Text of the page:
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This guide explains the pros and cons of each of the camera types that ANY-maze supports and details the important characteristics to look for. It also describes lenses and how to calculate the correct lens angle for your apparatus; things to consider when connecting multiple cameras to your computer; and how to track in low light or even total darkness.

Section 1

Introduction

ANY-maze supports a broad range of different camera types, but some of these are now considered to be legacy devices and if you’re planning to buy a new camera then you’ll essentially be choosing between:

  • A USB webcam
  • An industrial USB camera
  • An analogue camera

USB webcams

USB webcams are inexpensive and provide good quality images in most conditions. They do, however, have a couple of drawbacks. They have fixed lenses (you can’t change the lens) usually with a lens angle of around 40°; this might be a problem if you have a large piece of apparatus, as the only way to get the apparatus into the camera’s field of view will be to move it further away. Also, they usually have quite short captive cables, which means you can’t unplug the provided cable and plug in a longer one, although you can purchase extension cables.

Key points:

  • Low cost – typically around $50
  • Can’t change the lens
  • Short, captive cable (but can be extended by 4.8m)
  • Good for use in normal lighting conditions
  • Some cameras are infrared sensitive and can be used with infrared lights to track in the dark
  • Recommended for apparatus which is not very large and which is not used in low light, for example Plusmaze, Y-maze, open-field, etc.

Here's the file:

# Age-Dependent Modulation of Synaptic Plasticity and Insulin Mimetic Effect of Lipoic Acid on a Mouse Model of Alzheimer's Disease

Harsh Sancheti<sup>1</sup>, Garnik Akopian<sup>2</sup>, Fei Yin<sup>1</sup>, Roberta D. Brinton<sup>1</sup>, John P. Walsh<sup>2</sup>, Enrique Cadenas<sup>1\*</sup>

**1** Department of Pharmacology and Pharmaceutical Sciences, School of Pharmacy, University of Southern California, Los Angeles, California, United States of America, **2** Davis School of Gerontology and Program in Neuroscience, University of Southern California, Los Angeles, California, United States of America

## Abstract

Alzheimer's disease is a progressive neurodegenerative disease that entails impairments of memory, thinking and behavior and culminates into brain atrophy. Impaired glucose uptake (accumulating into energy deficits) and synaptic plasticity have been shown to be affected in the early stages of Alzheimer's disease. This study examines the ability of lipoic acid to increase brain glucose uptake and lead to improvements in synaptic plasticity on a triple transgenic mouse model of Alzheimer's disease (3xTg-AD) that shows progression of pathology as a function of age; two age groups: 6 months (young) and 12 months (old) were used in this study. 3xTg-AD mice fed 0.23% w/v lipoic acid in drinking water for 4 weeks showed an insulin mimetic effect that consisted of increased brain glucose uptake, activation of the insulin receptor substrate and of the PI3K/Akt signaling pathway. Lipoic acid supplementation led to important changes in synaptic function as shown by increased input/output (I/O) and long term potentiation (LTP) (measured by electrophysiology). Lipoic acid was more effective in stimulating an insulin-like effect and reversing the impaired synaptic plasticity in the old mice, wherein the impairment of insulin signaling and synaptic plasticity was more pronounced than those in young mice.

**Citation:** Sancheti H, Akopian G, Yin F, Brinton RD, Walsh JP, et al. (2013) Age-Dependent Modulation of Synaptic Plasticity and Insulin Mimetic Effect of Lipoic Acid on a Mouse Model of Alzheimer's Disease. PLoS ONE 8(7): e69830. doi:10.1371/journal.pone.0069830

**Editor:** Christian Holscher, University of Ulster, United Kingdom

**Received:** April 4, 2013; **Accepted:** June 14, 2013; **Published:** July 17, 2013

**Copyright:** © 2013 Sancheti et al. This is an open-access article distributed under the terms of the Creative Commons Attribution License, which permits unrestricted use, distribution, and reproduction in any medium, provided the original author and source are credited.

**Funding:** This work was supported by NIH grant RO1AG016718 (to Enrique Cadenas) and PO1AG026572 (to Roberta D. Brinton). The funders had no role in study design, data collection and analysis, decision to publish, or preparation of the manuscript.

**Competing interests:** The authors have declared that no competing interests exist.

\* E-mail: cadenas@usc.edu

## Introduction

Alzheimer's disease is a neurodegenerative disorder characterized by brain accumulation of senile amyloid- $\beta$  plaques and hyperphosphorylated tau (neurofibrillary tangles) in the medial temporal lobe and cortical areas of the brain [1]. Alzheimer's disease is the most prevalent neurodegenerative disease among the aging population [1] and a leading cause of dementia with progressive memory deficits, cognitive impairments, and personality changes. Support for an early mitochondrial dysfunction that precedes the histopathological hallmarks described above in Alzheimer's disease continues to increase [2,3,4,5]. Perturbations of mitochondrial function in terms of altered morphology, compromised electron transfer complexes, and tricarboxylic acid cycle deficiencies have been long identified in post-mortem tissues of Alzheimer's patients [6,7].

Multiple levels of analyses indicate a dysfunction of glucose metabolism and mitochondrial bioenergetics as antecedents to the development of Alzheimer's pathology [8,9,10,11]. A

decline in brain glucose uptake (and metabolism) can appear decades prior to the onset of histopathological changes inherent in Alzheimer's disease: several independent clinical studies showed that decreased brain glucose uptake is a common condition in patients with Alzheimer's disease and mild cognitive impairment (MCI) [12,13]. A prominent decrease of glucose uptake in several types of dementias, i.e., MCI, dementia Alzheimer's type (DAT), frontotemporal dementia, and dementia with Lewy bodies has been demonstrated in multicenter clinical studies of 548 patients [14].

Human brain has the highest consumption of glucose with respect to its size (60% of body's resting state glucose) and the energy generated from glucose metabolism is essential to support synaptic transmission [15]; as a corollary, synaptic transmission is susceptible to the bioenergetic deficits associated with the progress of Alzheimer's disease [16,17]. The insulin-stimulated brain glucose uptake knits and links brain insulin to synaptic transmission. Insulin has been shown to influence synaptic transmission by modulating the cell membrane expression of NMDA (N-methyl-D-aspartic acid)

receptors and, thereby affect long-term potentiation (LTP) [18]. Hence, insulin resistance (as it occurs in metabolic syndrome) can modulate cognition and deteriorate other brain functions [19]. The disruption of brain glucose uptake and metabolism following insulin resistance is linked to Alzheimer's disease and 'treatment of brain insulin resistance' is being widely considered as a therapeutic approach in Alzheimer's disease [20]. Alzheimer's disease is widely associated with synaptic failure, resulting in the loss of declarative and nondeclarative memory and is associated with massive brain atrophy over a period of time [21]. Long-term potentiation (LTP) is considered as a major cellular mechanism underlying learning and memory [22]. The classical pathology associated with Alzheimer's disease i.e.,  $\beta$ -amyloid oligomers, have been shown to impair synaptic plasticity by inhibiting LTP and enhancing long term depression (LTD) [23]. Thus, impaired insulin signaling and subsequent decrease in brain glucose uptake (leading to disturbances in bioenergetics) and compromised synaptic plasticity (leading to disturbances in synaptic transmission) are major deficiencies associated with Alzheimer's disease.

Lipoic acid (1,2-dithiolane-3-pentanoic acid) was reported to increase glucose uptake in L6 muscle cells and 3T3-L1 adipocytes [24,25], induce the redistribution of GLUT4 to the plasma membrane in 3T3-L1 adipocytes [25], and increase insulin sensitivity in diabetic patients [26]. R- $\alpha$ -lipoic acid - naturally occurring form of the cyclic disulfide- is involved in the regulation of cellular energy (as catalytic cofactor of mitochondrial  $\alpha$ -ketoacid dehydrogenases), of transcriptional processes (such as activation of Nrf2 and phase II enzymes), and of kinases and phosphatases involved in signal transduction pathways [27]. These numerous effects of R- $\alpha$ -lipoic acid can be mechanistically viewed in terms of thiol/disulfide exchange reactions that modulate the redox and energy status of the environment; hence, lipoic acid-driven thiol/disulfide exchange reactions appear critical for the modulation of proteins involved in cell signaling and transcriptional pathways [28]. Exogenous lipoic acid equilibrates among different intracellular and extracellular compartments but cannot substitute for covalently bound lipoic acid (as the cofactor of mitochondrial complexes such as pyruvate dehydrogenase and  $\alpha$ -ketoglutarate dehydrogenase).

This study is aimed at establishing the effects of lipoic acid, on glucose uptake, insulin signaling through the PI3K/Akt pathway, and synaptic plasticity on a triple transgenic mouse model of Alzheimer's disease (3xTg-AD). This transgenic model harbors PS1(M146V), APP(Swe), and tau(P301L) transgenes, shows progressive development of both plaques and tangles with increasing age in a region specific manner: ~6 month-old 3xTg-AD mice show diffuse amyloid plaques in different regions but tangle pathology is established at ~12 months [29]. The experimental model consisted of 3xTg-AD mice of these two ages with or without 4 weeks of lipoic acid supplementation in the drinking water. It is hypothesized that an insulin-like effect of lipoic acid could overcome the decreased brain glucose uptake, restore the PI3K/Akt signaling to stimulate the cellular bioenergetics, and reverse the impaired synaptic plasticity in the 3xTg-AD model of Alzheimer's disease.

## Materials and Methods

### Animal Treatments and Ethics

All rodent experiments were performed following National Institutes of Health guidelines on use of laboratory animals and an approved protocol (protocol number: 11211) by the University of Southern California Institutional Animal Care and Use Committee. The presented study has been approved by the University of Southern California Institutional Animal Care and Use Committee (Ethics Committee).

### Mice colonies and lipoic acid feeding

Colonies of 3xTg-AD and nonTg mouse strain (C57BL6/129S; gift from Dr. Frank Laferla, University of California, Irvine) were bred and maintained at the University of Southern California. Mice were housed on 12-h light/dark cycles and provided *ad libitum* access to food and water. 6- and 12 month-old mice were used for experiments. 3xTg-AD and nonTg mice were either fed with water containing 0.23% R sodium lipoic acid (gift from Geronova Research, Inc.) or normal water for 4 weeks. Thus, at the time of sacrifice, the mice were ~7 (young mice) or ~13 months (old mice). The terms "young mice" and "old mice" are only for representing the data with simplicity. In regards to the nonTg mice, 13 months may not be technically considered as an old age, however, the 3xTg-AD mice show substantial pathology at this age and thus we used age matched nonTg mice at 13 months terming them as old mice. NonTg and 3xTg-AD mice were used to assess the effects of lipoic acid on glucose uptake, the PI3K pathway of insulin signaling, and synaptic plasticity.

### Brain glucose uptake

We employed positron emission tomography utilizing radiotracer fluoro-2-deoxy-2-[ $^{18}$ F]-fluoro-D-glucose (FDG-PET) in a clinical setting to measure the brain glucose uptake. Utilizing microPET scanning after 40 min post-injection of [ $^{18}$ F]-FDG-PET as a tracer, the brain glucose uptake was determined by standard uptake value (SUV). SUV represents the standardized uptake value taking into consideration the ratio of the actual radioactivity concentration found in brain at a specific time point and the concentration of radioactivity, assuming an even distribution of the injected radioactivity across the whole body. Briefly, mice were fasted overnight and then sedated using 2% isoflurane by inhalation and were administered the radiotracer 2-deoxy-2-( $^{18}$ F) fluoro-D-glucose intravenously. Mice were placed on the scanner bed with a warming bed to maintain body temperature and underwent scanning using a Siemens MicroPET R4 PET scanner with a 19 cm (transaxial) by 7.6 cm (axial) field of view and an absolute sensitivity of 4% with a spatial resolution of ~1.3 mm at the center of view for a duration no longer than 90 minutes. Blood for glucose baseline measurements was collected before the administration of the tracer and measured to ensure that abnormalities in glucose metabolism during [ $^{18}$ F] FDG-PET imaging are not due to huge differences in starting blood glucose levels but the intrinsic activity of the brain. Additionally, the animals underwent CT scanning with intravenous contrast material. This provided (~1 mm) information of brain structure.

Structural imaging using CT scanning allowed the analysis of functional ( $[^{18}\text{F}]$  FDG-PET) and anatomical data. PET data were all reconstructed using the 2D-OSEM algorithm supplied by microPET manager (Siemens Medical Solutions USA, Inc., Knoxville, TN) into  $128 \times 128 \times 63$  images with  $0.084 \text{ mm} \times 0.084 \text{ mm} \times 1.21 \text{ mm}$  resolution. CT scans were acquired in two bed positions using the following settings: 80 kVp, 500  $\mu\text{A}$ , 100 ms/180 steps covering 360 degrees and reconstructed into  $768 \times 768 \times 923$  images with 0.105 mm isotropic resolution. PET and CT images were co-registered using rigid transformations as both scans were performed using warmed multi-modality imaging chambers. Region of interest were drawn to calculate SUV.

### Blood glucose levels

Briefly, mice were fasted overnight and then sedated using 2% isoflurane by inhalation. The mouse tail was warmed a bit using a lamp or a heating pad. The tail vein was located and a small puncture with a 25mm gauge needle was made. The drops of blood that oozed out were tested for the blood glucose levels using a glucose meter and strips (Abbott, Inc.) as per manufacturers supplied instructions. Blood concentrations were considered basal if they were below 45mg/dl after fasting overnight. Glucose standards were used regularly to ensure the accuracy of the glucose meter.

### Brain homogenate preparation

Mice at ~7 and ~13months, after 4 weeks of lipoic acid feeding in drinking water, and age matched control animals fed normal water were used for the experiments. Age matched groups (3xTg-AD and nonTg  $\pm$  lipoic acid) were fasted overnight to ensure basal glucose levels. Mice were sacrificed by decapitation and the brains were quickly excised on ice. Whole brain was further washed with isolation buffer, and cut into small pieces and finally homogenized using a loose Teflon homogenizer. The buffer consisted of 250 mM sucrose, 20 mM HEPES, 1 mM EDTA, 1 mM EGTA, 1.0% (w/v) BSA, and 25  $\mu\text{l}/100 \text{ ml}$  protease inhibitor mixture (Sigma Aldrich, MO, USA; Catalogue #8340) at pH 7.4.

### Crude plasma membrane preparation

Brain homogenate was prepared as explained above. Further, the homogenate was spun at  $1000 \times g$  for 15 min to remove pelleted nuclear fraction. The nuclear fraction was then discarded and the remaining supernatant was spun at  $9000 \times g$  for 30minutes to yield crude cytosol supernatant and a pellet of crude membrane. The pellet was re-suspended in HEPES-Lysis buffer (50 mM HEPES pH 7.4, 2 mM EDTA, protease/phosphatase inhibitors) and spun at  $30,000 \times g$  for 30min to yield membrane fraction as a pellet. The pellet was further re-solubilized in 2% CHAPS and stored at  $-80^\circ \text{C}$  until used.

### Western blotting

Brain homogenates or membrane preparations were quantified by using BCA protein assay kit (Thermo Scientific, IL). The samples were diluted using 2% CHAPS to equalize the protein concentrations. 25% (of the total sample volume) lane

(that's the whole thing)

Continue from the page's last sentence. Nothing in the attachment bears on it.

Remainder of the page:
Industrial USB cameras

Generally speaking, industrial USB cameras are the best choice for ANY-maze. They provide good quality images in most lighting conditions, have interchangeable lenses and are always infrared sensitive, which means you can use them to track in darkness using infrared lights. They don’t have captive cables, although their cable length is still limited to maximum USB cable length of 15 feet (4.8m), although this can be extended by an additional 15 feet using a USB active extension cable.

Key points:

  • Extremely flexible
  • Interchangeable lens
  • Maximum 4.8m cable (can be extended by an additional 4.8m)
  • Good for use in all lighting conditions (except very low light)
  • Infrared sensitive – can be used with infrared lights to track in the dark
  • Recommended for all apparatus
  • Cost around $350 with a lens

Analogue cameras

Analogue cameras are designed for security applications and generally work very well in even extremely low light. They also have interchangeable lenses and an essentially unlimited cable length. However, to connect them to a PC requires a digitizer card which fits in a PCIe slot, something only found on desktop computers. They also need to be connected to power, whereas USB cameras are powered by the USB cable.